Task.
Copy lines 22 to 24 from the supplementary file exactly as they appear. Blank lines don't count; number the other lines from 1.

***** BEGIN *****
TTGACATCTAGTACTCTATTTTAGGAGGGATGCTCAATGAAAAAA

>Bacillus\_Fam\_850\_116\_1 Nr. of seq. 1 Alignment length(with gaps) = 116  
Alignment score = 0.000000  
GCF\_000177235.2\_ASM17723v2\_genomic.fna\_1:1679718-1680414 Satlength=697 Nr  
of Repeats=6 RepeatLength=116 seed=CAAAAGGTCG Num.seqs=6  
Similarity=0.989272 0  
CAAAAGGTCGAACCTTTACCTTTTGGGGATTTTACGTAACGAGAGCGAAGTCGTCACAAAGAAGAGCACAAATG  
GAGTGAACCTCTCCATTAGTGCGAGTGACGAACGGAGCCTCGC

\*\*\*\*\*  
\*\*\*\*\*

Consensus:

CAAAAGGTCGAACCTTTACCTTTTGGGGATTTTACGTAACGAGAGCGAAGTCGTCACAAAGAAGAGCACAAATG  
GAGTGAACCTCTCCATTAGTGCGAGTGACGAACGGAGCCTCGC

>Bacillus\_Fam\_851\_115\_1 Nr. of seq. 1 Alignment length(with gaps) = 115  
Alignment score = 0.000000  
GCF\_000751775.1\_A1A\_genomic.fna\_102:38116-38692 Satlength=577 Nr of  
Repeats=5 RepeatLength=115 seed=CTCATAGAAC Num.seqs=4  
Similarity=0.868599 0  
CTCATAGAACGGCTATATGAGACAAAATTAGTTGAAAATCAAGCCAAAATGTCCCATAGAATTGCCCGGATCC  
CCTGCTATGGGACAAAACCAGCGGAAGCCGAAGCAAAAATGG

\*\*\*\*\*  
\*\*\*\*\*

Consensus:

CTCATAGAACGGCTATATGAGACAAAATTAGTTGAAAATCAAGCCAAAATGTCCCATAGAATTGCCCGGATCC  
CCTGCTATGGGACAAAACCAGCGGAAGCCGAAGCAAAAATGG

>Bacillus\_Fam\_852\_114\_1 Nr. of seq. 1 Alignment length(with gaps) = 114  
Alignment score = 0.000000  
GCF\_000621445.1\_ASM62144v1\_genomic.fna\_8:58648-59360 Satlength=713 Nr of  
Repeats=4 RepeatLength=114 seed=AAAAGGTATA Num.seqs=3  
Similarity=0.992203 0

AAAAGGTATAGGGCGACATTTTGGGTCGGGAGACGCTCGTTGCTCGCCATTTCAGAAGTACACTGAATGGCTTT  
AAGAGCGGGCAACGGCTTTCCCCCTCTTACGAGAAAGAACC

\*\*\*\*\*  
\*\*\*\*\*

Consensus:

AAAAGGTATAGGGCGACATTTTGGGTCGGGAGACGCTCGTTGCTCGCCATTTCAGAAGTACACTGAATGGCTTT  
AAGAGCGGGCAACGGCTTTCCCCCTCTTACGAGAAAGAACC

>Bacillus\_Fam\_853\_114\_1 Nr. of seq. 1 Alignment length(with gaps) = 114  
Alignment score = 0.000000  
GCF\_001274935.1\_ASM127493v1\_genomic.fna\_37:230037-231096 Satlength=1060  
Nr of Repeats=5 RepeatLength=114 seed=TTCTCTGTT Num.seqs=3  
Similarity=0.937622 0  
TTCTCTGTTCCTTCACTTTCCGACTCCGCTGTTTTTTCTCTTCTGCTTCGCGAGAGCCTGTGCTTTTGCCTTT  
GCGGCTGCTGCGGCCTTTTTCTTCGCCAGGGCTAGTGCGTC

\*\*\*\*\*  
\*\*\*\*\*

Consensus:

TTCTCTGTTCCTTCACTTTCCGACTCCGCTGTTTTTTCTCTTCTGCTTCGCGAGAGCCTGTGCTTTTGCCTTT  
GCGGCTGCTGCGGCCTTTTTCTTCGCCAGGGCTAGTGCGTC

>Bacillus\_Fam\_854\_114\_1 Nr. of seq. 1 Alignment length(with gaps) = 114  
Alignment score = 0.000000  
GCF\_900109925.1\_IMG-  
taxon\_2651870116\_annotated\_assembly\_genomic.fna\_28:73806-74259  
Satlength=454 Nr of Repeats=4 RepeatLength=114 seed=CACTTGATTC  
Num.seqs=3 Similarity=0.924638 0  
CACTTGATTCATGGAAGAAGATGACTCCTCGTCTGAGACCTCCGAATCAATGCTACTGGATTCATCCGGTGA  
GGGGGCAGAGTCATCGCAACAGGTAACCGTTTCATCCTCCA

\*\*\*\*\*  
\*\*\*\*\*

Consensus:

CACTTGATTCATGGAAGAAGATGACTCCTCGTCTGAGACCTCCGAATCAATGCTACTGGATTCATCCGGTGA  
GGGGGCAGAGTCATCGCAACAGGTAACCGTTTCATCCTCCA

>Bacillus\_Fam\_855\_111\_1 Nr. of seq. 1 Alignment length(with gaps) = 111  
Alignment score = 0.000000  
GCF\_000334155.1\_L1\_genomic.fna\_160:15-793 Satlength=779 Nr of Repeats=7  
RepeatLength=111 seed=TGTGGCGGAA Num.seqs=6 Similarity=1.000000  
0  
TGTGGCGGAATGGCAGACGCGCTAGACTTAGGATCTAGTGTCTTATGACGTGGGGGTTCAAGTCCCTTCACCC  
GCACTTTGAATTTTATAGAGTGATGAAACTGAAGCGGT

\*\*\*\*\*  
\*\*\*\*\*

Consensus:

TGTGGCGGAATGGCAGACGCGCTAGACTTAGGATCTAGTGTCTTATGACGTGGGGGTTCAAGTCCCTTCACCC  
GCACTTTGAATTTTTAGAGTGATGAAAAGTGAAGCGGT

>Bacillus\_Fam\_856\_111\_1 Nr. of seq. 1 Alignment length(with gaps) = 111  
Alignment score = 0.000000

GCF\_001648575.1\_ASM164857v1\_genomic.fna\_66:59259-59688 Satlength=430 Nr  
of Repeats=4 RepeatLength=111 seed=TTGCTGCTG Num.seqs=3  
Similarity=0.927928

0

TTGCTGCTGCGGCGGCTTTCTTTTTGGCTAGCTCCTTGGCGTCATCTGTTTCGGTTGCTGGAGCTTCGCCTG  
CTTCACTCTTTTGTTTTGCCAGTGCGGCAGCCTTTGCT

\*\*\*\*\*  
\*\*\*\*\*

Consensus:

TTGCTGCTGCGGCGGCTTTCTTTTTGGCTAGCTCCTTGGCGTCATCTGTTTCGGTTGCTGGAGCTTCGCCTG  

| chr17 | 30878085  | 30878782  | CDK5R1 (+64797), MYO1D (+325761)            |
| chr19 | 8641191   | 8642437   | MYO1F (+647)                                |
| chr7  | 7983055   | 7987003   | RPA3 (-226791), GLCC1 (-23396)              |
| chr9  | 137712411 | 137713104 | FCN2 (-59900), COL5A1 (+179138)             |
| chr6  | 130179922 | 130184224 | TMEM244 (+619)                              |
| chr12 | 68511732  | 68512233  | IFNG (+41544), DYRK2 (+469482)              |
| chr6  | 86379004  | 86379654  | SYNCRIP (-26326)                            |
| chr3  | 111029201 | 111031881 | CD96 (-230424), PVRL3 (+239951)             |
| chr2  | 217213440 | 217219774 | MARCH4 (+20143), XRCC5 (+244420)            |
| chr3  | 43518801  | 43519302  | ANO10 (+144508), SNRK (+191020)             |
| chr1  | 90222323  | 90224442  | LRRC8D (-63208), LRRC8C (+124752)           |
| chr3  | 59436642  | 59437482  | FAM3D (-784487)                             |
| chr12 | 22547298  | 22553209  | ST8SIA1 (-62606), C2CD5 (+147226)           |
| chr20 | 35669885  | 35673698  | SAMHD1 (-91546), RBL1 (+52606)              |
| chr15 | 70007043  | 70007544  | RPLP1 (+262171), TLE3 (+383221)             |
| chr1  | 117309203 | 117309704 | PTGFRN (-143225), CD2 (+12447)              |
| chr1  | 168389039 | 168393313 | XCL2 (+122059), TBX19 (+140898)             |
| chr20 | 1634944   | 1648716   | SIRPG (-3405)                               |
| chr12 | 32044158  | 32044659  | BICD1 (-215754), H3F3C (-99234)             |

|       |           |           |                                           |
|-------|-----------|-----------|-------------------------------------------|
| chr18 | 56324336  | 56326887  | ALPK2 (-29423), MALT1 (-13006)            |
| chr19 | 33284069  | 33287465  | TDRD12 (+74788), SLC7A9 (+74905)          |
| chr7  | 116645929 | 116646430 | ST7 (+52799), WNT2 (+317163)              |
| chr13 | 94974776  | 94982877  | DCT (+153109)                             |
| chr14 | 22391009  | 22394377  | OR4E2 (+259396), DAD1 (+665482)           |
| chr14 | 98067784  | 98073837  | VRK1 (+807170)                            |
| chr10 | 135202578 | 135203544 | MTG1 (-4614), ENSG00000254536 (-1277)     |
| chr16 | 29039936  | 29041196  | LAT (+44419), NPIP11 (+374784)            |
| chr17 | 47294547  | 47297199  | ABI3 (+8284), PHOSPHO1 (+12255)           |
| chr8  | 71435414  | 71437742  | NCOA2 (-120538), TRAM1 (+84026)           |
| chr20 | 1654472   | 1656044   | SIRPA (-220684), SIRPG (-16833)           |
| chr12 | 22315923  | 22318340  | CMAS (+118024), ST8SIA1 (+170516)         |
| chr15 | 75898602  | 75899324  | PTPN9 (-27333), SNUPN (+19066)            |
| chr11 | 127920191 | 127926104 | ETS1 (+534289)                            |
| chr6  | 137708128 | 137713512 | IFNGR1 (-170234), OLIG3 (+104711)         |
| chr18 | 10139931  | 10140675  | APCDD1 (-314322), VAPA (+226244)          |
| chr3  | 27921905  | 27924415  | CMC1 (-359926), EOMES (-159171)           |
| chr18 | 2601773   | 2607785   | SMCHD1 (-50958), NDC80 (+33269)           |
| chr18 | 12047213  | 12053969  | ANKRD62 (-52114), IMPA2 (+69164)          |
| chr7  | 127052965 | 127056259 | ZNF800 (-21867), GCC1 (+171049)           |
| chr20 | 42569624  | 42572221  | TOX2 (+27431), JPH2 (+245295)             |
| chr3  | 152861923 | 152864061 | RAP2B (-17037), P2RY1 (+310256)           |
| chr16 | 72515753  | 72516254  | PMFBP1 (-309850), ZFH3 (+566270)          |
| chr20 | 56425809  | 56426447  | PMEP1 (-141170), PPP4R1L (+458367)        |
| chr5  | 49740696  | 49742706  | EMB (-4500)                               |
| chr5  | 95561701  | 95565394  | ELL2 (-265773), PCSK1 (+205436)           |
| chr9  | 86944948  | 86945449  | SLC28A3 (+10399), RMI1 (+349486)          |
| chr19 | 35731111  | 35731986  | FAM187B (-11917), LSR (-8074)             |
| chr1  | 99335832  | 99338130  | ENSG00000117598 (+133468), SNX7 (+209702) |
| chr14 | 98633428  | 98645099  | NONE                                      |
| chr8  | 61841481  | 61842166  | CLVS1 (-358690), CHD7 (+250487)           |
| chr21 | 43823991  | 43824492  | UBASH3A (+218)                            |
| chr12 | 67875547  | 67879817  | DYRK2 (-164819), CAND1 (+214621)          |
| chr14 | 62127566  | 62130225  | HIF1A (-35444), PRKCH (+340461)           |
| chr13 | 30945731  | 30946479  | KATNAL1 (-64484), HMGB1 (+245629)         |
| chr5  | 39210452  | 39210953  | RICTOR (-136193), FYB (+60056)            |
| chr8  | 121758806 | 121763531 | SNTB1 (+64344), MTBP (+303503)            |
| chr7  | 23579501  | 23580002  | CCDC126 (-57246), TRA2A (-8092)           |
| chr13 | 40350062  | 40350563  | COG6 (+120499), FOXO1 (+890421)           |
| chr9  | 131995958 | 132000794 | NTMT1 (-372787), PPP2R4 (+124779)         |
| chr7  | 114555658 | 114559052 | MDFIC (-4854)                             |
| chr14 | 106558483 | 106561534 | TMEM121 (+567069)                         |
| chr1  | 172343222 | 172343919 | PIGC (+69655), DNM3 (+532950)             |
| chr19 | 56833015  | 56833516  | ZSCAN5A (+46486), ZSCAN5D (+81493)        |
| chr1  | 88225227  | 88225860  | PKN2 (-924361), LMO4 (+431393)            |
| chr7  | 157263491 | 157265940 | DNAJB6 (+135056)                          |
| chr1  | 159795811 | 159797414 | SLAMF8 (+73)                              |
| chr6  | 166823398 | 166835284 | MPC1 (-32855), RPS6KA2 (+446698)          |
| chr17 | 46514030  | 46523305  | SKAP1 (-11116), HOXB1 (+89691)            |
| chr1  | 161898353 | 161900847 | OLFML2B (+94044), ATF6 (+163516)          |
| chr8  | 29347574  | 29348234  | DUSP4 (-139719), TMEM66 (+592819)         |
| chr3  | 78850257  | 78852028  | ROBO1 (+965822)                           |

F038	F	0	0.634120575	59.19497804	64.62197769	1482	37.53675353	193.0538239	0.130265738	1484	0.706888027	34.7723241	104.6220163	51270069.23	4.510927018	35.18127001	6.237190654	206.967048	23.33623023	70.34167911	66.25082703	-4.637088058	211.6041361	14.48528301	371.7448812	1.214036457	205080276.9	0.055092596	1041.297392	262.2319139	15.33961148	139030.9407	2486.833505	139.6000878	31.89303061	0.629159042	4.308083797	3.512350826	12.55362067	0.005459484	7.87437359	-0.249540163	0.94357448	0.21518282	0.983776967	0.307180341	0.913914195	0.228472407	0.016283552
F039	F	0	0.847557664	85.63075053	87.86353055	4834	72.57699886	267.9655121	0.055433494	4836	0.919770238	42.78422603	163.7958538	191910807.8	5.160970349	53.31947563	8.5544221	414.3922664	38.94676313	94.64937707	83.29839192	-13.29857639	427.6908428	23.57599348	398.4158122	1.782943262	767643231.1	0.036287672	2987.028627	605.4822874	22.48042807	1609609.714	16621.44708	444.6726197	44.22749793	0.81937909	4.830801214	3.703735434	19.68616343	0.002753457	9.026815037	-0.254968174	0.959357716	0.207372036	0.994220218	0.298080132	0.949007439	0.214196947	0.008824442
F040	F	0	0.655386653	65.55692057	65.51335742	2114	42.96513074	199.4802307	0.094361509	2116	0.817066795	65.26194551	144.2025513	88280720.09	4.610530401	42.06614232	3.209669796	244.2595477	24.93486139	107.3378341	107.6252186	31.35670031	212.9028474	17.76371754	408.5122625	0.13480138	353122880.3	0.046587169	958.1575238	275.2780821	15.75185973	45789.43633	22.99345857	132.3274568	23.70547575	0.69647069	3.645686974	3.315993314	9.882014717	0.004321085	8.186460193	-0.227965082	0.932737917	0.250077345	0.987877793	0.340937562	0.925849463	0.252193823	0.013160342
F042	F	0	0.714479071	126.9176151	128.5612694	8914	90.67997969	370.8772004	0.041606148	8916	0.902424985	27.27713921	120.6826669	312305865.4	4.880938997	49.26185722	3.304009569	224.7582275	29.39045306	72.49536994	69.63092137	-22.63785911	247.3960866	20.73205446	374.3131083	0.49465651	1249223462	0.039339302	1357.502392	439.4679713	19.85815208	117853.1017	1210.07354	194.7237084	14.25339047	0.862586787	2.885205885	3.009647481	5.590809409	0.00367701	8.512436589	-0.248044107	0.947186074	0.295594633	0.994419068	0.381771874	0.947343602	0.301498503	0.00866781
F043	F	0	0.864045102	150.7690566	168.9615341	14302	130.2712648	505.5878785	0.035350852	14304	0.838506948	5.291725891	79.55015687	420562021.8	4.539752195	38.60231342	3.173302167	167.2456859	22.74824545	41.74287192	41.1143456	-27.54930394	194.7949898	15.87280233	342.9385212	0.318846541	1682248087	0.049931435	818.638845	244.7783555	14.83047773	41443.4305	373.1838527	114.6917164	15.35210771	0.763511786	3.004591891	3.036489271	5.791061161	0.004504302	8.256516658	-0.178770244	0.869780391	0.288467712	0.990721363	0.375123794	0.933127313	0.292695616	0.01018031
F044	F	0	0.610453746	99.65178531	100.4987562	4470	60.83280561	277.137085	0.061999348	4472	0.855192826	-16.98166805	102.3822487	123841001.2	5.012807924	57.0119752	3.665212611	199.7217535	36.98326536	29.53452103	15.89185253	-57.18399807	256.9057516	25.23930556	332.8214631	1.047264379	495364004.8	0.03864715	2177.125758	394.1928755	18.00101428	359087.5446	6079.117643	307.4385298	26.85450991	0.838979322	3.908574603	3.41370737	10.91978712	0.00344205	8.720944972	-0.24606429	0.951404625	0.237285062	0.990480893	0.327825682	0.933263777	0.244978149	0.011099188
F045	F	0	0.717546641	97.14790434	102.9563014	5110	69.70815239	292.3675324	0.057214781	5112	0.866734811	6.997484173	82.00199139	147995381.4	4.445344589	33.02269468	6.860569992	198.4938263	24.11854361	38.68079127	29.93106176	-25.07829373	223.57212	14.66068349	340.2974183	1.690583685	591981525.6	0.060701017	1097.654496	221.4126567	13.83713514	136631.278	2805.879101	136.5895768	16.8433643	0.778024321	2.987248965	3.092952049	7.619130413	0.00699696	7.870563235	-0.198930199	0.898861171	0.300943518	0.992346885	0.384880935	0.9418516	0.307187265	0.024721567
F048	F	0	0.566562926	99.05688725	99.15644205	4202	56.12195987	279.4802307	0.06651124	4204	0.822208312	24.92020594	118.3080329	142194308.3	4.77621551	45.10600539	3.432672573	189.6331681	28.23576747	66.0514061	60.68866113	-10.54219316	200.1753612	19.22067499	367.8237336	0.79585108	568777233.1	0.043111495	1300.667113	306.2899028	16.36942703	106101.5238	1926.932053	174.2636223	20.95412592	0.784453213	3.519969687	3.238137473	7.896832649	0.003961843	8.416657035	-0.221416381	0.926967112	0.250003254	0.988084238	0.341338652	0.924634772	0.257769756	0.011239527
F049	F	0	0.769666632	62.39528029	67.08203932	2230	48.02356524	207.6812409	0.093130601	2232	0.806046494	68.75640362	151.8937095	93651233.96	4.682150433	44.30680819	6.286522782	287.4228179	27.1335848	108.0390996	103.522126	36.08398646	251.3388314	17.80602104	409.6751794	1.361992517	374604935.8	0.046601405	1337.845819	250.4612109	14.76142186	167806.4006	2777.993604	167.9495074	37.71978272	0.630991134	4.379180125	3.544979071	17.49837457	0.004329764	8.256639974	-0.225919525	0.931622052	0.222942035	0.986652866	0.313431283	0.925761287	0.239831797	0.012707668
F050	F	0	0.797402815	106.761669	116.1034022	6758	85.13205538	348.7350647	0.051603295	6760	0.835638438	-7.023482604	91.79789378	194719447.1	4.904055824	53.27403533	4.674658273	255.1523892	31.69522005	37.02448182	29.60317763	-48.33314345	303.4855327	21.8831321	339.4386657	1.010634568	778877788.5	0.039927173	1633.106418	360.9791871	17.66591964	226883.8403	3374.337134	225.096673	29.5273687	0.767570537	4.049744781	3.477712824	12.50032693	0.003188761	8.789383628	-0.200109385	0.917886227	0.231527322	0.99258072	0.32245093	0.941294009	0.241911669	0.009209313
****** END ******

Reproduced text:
\*\*\*\*\*

Consensus:

CTCATAGAACGGCTATATGAGACAAAATTAGTTGAAAATCAAGCCAAAATGTCCCATAGAATTGCCCGGATCC  